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Poor awareness may hinder a child’s early dental care

Poor awareness may hinder a child’s early dental care

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According to a new survey conducted by researchers at the C.S. Mott Children’s Hospital, many parents are not aware of national recommendations for early dental care for their children.

Credit: George Rudy/Shutterstock.com

The survey found that one in 6 parents who haven’t received any advice from doctors are likely to postpone their children’s dental care visits until the age of 4 or older.

The American Dental Association and the American Academy of Pediatrics recommend dental care visits for children from one year of age or upon the emergence of baby teeth.

According to Dr. Sarah Clark, the co-director of the survey, early dental care visits are essential for children’s health. She went onto say that visits are significant for the early detection and treatment of childhood tooth decay and also a worthy opportunity to educate parents on the key aspects of oral health.

Our poll finds that when parents get clear guidance from their child’s doctor or dentist, they understand the first dental visit should take place at an early age. Without such guidance, some parents turn to family or friends for advice. As recommendations change, they may be hearing outdated information and not getting their kids to the dentist early enough.”

Dr. Sarah Clark, Co-Director of the Survey and Associate Research Scientist at C.S. Mott Children’s Hospital.

The current survey is based on the responses from 790 parents with at least one child in the age group of 0–5 years. Parents who haven’t received any advice from their doctor or a dentist constituted more than half of the total; of which, only 35% believed that dental checkups should start when children are a year or younger.

About 60% of the parents reported their child has had a dental visit with a belief that the dentist visit was 79% worthwhile.

Among the rest 40% of the parents whose children haven’t had a dental checkup, the common reasons for avoiding dental early checkup include younger age (42%), children’s fear of the dentist (15%), and the children’s teeth are healthy (25%).

According to experts, early dental visits could help children in maintaining healthy oral hygiene, along with parents in learning about correct brushing techniques, the significance of reducing sugary drinks, and the need to avoid putting children to bed with a bottle.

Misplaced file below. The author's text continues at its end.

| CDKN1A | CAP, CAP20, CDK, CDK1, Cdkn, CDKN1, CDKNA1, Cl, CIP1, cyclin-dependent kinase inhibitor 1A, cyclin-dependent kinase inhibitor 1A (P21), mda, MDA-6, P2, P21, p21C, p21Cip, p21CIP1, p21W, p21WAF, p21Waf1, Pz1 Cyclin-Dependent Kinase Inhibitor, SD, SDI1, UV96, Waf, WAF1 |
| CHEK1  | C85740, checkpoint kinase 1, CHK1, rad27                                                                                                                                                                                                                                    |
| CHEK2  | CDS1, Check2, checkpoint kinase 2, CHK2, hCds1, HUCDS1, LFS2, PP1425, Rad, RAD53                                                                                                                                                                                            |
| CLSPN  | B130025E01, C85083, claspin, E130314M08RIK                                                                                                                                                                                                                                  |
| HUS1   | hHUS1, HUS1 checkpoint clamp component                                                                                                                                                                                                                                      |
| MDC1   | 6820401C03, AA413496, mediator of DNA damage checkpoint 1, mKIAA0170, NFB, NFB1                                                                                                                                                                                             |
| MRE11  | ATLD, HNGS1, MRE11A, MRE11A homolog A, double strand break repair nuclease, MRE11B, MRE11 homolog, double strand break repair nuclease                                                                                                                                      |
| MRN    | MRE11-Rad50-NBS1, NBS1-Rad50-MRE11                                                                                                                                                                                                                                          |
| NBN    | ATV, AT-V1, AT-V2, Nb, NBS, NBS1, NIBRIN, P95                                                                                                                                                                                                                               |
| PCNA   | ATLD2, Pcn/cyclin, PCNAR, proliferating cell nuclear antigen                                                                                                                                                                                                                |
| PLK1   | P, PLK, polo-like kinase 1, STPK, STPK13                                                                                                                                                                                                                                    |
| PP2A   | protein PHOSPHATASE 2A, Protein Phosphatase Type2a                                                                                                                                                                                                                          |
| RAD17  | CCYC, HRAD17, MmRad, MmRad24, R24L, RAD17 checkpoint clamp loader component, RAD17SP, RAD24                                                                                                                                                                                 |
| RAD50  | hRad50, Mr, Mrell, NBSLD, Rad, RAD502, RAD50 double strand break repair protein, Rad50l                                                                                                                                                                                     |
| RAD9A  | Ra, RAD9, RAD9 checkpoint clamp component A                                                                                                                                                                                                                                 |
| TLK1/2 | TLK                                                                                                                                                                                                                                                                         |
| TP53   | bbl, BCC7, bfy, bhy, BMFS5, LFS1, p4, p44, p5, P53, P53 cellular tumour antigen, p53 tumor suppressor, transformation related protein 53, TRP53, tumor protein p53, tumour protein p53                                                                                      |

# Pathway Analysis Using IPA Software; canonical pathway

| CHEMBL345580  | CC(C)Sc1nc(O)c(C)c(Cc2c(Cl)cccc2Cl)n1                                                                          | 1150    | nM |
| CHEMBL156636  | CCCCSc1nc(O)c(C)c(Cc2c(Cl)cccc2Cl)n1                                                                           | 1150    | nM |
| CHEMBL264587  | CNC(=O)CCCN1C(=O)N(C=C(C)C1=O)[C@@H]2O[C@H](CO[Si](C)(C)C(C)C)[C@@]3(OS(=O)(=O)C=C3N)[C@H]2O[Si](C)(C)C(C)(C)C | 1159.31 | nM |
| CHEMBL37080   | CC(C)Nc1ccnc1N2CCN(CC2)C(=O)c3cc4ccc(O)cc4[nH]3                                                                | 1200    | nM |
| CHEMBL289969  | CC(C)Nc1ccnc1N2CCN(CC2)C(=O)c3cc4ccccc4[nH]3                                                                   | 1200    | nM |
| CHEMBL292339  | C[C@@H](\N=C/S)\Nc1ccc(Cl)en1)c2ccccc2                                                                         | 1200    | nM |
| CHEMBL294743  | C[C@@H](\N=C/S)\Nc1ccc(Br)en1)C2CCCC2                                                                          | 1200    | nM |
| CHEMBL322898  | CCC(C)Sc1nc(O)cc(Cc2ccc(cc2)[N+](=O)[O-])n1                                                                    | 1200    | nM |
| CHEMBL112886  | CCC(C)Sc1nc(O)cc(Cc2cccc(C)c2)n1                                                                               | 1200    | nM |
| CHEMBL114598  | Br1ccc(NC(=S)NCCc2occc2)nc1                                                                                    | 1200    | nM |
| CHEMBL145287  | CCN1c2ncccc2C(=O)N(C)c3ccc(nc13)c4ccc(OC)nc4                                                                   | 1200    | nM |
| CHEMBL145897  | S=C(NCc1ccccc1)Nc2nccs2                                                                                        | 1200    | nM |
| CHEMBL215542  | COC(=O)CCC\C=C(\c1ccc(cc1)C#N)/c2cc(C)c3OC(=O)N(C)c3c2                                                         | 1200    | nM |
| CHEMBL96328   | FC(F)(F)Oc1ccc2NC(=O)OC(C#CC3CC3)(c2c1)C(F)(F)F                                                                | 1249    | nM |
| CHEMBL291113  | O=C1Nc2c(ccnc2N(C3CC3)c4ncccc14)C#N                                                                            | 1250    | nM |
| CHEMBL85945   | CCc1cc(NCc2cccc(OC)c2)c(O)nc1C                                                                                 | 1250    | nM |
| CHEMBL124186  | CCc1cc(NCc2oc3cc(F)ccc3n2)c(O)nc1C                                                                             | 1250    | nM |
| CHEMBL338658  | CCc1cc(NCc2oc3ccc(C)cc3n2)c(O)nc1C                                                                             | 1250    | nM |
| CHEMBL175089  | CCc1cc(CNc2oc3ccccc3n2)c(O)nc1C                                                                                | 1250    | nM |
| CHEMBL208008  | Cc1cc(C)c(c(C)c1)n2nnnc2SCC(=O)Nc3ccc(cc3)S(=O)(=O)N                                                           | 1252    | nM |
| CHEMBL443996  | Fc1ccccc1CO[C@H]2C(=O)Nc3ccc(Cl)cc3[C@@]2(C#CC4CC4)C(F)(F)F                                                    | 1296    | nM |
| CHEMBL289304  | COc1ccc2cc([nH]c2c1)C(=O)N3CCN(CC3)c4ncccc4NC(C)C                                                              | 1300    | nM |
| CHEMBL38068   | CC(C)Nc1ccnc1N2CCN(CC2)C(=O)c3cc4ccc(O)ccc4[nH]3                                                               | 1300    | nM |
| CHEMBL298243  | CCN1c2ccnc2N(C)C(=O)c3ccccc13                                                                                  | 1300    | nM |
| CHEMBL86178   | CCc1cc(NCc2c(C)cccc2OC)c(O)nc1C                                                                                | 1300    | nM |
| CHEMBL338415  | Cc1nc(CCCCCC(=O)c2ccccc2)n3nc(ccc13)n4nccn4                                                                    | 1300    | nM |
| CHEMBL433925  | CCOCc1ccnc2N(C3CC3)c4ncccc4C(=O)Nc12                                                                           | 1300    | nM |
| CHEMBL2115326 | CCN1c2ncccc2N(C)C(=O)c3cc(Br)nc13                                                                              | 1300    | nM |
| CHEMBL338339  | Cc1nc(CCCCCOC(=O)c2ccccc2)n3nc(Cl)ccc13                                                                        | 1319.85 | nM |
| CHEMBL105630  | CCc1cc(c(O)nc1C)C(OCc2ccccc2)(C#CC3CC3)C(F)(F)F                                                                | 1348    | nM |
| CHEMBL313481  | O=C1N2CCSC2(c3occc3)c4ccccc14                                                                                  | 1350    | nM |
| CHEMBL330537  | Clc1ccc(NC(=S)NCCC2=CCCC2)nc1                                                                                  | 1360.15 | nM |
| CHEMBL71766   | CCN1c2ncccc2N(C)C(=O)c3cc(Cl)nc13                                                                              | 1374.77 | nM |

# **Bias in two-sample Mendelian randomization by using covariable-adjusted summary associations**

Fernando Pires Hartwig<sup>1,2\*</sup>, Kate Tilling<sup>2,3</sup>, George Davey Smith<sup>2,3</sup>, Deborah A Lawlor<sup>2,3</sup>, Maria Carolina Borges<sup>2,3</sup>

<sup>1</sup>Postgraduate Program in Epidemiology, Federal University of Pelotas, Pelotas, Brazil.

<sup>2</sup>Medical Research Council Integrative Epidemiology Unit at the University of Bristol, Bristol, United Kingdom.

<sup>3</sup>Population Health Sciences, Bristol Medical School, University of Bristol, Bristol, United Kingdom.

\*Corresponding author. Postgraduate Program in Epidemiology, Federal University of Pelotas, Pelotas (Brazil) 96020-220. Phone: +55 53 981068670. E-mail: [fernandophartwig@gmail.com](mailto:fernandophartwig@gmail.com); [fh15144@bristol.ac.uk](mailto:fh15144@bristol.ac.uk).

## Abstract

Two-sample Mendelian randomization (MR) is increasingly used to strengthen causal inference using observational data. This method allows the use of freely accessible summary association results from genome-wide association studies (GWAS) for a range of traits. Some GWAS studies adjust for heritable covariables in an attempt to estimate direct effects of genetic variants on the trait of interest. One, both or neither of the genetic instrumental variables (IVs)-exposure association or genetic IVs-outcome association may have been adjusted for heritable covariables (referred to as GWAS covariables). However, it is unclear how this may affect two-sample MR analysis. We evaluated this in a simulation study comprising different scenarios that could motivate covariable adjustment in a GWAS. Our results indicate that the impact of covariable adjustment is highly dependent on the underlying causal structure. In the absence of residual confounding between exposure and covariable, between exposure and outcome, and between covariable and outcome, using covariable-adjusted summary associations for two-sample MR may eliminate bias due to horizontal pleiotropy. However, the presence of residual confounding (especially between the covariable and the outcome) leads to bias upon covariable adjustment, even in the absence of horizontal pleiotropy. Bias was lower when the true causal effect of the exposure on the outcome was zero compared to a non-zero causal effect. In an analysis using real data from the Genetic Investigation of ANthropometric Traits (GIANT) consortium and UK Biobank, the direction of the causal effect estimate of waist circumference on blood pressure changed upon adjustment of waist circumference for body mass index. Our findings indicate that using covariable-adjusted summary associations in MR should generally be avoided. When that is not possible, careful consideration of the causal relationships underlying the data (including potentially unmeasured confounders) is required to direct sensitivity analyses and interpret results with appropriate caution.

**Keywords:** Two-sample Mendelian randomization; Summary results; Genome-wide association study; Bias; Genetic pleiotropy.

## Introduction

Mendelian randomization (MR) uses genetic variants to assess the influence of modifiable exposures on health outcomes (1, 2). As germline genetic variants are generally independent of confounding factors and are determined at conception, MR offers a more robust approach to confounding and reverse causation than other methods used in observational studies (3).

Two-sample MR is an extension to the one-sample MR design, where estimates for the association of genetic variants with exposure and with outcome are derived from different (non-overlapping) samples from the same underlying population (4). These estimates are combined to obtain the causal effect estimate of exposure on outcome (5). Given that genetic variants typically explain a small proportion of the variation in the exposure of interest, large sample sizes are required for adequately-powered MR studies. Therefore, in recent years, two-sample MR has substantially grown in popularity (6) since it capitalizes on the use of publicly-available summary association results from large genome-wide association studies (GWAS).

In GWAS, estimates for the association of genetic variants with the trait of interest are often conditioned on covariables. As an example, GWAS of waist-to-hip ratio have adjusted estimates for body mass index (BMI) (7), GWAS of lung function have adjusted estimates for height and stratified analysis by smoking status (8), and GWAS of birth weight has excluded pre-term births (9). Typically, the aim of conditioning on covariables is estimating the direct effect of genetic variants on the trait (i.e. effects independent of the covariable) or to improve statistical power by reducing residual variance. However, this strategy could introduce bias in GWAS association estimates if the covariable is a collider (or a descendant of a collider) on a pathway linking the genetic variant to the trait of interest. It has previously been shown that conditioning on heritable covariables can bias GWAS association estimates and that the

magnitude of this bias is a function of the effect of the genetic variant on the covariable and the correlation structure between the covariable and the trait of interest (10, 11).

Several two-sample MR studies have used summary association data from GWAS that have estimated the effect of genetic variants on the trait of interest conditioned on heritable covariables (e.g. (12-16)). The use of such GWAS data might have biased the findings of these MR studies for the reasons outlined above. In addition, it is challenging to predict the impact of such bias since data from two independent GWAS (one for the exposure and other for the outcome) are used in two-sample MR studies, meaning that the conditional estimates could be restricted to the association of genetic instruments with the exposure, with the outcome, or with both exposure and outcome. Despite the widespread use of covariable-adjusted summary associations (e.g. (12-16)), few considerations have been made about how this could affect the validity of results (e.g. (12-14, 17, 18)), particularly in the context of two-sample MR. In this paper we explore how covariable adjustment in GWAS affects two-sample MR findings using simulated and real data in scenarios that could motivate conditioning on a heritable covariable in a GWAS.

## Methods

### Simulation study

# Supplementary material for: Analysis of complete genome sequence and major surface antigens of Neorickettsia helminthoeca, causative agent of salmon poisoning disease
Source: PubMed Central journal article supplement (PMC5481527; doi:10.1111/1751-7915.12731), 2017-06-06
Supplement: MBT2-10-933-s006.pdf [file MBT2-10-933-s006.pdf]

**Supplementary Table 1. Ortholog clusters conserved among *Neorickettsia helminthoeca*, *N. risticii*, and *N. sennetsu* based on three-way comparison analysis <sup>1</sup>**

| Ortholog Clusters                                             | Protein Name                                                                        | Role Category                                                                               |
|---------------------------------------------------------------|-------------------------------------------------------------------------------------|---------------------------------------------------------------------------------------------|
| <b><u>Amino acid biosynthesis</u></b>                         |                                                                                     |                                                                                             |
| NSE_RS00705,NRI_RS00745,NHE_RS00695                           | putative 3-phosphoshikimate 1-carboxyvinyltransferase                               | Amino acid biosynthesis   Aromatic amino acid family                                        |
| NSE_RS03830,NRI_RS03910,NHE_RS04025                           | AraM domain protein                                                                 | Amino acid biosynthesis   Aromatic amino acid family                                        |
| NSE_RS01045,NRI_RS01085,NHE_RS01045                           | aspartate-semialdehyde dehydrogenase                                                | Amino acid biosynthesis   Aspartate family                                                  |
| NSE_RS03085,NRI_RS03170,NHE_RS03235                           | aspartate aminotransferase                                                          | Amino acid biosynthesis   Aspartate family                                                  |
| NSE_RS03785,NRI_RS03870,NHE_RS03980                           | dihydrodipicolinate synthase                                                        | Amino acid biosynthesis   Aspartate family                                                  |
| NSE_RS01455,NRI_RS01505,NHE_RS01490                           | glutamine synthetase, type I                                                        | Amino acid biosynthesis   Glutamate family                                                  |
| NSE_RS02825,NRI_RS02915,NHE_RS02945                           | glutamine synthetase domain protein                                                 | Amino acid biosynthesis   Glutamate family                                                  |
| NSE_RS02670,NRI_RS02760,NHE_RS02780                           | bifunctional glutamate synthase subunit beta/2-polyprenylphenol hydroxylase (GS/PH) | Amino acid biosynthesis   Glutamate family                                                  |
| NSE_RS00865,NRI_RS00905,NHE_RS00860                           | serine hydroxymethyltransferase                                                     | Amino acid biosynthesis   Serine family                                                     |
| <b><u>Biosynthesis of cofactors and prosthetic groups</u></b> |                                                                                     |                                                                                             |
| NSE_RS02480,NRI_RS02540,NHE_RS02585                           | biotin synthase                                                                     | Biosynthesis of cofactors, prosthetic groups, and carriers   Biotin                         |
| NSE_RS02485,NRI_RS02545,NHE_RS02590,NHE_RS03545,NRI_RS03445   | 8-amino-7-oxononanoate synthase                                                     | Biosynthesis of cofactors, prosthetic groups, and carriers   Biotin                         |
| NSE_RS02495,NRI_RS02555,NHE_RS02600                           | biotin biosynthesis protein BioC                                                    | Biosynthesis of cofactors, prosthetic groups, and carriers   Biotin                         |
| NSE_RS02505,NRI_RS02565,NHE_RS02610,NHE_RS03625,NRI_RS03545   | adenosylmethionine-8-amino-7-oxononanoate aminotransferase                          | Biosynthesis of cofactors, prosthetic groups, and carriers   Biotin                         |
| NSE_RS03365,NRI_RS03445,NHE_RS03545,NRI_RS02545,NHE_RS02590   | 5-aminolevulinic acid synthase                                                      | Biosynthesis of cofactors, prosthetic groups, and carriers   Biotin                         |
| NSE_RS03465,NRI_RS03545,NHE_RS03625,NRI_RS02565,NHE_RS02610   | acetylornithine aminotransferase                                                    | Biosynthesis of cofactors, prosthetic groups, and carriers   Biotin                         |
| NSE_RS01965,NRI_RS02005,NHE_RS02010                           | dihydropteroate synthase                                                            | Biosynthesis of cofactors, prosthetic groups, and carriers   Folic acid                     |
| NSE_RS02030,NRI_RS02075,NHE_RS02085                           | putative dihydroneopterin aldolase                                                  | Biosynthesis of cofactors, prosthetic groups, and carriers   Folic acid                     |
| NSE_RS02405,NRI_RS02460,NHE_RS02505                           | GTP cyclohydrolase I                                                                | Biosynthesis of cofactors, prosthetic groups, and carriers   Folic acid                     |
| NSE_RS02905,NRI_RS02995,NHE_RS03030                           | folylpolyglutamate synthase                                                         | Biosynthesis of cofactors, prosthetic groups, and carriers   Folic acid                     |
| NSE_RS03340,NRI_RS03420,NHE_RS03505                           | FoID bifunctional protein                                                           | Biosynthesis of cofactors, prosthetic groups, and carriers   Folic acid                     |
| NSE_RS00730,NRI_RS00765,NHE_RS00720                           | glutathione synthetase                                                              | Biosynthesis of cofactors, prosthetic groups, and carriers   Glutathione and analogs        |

Early dental visits enable the early detection of childhood caries–dental decay in baby teeth, thereby allowing the early treatment of tooth decay to avoid more serious problems. For example, in young children with healthy teeth, dentists may apply fluoride varnish to prevent future decay.

A quarter of parents whose children had delayed dental checkups said their child’s teeth are healthy; however, researchers noted that parents are unlikely to detect early tooth decay.

The current survey has reported that parents with higher income and education, and those with private dental insurance, were more likely to receive proper guidance from doctors on when to start dental visits.

Dr. Clark said: “Our poll suggests that families who are low-income, less educated, and on Medicaid are less likely to receive professional guidance on dental care. This is particularly problematic because low-income children have higher rates of early childhood tooth decay and would benefit from early dental care.”

Providers who care for at-risk populations should dedicate time to focus on the importance of dental visits. Parents should also ask their child’s doctor or their own dentist about when to start dentist visits and how to keep their child’s teeth healthy.”

Dr. Sarah Clark, Co-Director of the Survey and Associate Research Scientist at C.S. Mott Children’s Hospital.

Source:

https://www.eurekalert.org/pub_releases/2018-02/mm-u-log021418.php

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